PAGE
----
Postoperative infectious complications are independently associated with increased length of hospital stays and contribute to significant patient morbidity. Furthermore, preoperative nutritional status has also been implicated as an independent risk factor for postoperative morbidity. Surgery places notable stress on the patient’s body, triggering inflammation and impairing immune function.[8] Furthermore, subsequent limb immobilisation, in addition to the normal inflammatory response as a result of tissue injury, result in even greater nutrient needs including total caloric intake and macronutrients such as protein, in particular.[9]

We know that the vast majority of Australians do not consume optimal diets. The leading causes of morbidity in Australia are lifestyle factors, with 31% of disease burden being preventable and a result of modifiable risk factors[10]. As an example, a mere 5% of Australians meet the Australian Dietary Guidelines for recommended daily serves of fruit and vegetables[11]. Our patients also consume more than twice the recommended serves of discretionary foods[12] that are high in what I like to refer to as the holy trinity of weight gain: saturated fats, sugars and salt. We also know that surgical site infections are the most common infections associated with healthcare, and frequently result in longer hospital stays[13]. Whilst we certainly cannot draw conclusions about cause and effect, or even association, there is most certainly an opportunity to provide patients with all of the tools for optimal recovery, which includes addressing their nutritional status prior and subsequent to their surgery. And therein lies the opportunity.

Author: Miriam Pollak ANutr BSc (Phys, Psych) MHumNutr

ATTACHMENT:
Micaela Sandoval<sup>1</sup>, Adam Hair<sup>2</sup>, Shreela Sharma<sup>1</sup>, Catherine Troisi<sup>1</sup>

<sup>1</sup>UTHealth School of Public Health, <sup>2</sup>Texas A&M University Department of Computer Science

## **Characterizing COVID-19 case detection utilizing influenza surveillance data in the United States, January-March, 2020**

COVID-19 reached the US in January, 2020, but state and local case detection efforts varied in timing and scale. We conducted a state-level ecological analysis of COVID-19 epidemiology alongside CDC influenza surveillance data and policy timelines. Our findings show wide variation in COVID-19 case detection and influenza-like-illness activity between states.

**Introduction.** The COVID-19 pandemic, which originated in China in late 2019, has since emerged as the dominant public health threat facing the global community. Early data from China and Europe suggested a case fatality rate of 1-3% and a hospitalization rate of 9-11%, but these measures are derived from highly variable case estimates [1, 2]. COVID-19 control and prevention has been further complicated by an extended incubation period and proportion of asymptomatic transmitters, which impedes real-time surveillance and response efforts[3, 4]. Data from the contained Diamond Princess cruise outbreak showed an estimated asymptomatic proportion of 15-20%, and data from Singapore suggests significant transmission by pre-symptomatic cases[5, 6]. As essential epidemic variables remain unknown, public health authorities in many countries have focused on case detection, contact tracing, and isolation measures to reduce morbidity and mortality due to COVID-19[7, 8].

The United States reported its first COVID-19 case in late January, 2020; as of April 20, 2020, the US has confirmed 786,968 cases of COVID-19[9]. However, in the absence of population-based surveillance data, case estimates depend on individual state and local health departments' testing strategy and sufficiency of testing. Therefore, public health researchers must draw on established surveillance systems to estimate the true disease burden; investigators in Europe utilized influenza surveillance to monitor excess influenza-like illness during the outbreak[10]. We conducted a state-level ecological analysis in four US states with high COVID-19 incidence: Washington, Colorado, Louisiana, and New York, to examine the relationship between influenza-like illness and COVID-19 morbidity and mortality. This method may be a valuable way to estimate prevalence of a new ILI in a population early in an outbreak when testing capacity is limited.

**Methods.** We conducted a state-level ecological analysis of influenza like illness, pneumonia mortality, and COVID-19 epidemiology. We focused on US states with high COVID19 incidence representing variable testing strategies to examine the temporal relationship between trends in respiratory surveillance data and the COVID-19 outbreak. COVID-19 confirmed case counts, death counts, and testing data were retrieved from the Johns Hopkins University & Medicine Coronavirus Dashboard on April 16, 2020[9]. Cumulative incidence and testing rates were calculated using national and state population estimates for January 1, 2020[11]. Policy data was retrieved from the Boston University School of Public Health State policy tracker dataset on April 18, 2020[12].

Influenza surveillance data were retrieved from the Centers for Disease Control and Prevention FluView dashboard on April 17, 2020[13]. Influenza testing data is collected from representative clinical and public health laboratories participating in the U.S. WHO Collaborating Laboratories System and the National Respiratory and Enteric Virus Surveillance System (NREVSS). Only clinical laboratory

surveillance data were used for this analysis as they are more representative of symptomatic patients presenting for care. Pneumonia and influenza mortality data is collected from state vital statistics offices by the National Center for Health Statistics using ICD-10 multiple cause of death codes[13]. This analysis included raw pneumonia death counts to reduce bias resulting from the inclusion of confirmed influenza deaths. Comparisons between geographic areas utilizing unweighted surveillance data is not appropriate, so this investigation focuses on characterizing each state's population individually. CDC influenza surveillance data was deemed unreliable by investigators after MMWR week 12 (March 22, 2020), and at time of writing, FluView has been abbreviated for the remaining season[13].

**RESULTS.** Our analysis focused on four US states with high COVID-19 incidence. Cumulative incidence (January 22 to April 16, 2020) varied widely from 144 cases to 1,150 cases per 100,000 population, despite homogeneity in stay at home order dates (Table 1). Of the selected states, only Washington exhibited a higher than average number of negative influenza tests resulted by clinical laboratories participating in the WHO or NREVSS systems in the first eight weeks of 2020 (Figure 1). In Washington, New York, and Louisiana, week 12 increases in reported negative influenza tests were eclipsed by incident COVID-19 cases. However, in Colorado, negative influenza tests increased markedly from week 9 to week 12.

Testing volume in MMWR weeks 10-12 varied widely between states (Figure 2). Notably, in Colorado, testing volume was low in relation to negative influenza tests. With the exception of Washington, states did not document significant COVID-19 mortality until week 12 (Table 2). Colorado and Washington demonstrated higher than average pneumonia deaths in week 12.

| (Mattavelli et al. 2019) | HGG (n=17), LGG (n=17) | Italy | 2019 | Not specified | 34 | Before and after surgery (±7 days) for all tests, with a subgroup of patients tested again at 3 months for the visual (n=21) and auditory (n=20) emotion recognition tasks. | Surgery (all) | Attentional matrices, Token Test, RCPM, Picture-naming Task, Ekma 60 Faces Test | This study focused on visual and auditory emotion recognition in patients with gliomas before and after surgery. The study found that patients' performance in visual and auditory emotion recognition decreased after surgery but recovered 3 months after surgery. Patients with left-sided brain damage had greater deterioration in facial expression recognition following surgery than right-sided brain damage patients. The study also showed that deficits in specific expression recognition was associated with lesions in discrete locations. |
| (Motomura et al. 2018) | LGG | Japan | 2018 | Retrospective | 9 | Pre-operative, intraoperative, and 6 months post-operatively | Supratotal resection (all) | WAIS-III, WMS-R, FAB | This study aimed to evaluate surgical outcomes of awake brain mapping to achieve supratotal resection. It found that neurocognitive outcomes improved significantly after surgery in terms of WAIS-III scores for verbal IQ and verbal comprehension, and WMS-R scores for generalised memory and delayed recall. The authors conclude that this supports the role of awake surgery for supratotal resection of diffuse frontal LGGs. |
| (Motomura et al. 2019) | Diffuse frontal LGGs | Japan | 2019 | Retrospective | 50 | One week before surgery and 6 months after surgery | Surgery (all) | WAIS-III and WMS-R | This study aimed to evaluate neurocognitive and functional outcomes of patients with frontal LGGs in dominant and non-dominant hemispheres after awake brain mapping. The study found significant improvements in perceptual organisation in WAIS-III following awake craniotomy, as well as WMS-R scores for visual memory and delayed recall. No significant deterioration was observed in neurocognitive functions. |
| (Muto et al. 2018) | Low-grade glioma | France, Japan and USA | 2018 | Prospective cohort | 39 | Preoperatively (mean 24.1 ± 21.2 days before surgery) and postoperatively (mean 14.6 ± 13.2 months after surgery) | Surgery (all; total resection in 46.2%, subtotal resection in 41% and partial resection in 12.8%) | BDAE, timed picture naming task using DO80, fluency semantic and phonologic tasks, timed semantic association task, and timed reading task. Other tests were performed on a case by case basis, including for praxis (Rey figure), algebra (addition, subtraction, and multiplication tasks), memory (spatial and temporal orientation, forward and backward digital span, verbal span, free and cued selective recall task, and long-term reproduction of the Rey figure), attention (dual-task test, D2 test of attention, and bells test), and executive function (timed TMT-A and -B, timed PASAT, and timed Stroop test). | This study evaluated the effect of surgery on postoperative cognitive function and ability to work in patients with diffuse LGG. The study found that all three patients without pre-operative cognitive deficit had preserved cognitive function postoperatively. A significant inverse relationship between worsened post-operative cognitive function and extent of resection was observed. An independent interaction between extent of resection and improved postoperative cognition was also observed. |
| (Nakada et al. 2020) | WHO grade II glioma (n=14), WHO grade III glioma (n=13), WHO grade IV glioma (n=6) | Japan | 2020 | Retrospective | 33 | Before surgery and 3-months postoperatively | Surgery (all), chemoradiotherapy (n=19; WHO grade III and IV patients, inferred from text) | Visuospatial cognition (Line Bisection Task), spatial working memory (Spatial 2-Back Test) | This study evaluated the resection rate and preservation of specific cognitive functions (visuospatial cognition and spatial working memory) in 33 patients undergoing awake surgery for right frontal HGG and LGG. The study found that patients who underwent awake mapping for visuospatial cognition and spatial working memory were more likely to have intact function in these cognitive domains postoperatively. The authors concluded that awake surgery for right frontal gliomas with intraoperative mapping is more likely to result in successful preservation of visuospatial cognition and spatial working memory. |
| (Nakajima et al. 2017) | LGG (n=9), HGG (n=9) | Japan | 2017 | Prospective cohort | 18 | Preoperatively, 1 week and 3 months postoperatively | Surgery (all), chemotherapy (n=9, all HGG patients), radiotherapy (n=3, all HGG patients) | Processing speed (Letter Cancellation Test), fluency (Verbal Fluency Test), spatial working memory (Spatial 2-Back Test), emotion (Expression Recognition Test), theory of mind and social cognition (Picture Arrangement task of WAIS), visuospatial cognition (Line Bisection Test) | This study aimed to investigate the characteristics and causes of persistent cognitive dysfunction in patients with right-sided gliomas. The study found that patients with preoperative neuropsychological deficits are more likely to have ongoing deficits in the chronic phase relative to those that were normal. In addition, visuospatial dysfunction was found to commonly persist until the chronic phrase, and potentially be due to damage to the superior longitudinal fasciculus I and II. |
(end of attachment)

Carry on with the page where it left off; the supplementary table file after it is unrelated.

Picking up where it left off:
Miriam is a Canberra-based Nutritionist with a special interest in sports and injury recovery. For more information visit www.nourish-meant.com.au

[1] Li L, Wang Z, Ying X, Tian J, Sun T, Yi K, et al. Preoperative carbohydrate loading for elective surgery: a systematic review and meta-analysis. Surg Today. 2012 Jul;42(7):613-24

[2] Henriksen MG, Hessov I, Dela F, Hansen HV, Haraldsted V, Rodt SA. Effects of preoperative oral carbohydrates and peptides on postoperative endocrine response, mobilization, nutrition and muscle function in abdominal surgery. Acta Anaesthesiologica Scandinavica 2003; 47: 191-9

[3] Li L, Wang Z, Ying X, Tian J, Sun T, Yi K, et al. Preoperative carbohydrate loading for elective surgery: a systematic review and meta-analysis. Surg Today. 2012 Jul;42(7):613-24

[4] Soop M, Nygren J, Thorell A, Weidenhielm L, Lundberg M, Hammarqvist F, Ljungqvist O. Preoperative oral carbohydrate treatment attenuates endogenous glucose release 3 days after surgery. Clin Nutr. 2004 Aug;23(4):733-41

[5] Noblett SE, Watson DS, Hunog H, Daison B, Hainsworth PJ, Horgan AF. Preoperative oral carbohydrate loading in colorectal surgery: a randomized controlled trial. Colorectal Disease 2006;8: 563-9

[6] Pierre EJ, Barrow RE, Hawkins HK, Nguyen TT, Sakurai Y, Desai M, et al. Effects of insulin on wound healing. J Trauma 1998; 44: 342-5

[7] Cochrane Database of Systematic Reviews. Smith MD, McCall J, Plank L, Herbison GP, Soop M, Nygren J. Preoperative carbohydrate treatment for enhancing recovery after elective surgery (Review).

[8] Hegazi RA, Hustead DS, Evans DC. Preoperative standard oral nutrition supplements vs immunonutrition: results of systematic review and meta-analysis. J Am Coll Surg. 2014;219(5):1078-1087.

[9] Tipton KD. Nutritional Support for Exercise-Induced Injuries. Sports Med. 2015; 45 Suppl 1:S93-104.

[10] Australian Institute of Health & Welfare https://www.aihw.gov.au/reports-statistics/health-conditions-disability-deaths/burden-of-disease/overview

[11] Australian Bureau of Statistics http://www.abs.gov.au/ausstats/abs@.nsf/mf/4364.0.55.001

[12] Australian Bureau of Statistics http://www.abs.gov.au/ausstats/abs@.nsf/Lookup/by%20Subject/4364.0.55.012~2011-12~Main%20Features~Discretionary%20foods~10010

[13] Surgical site infections – Annual Epidemiological Report 2016 [2014 data]. European Centre for Disease Prevention and Control. 2016. https://ecdc.europa.eu/en/publications-data/surgical-site-infections-annual-epidemiological-report-2016-2014-data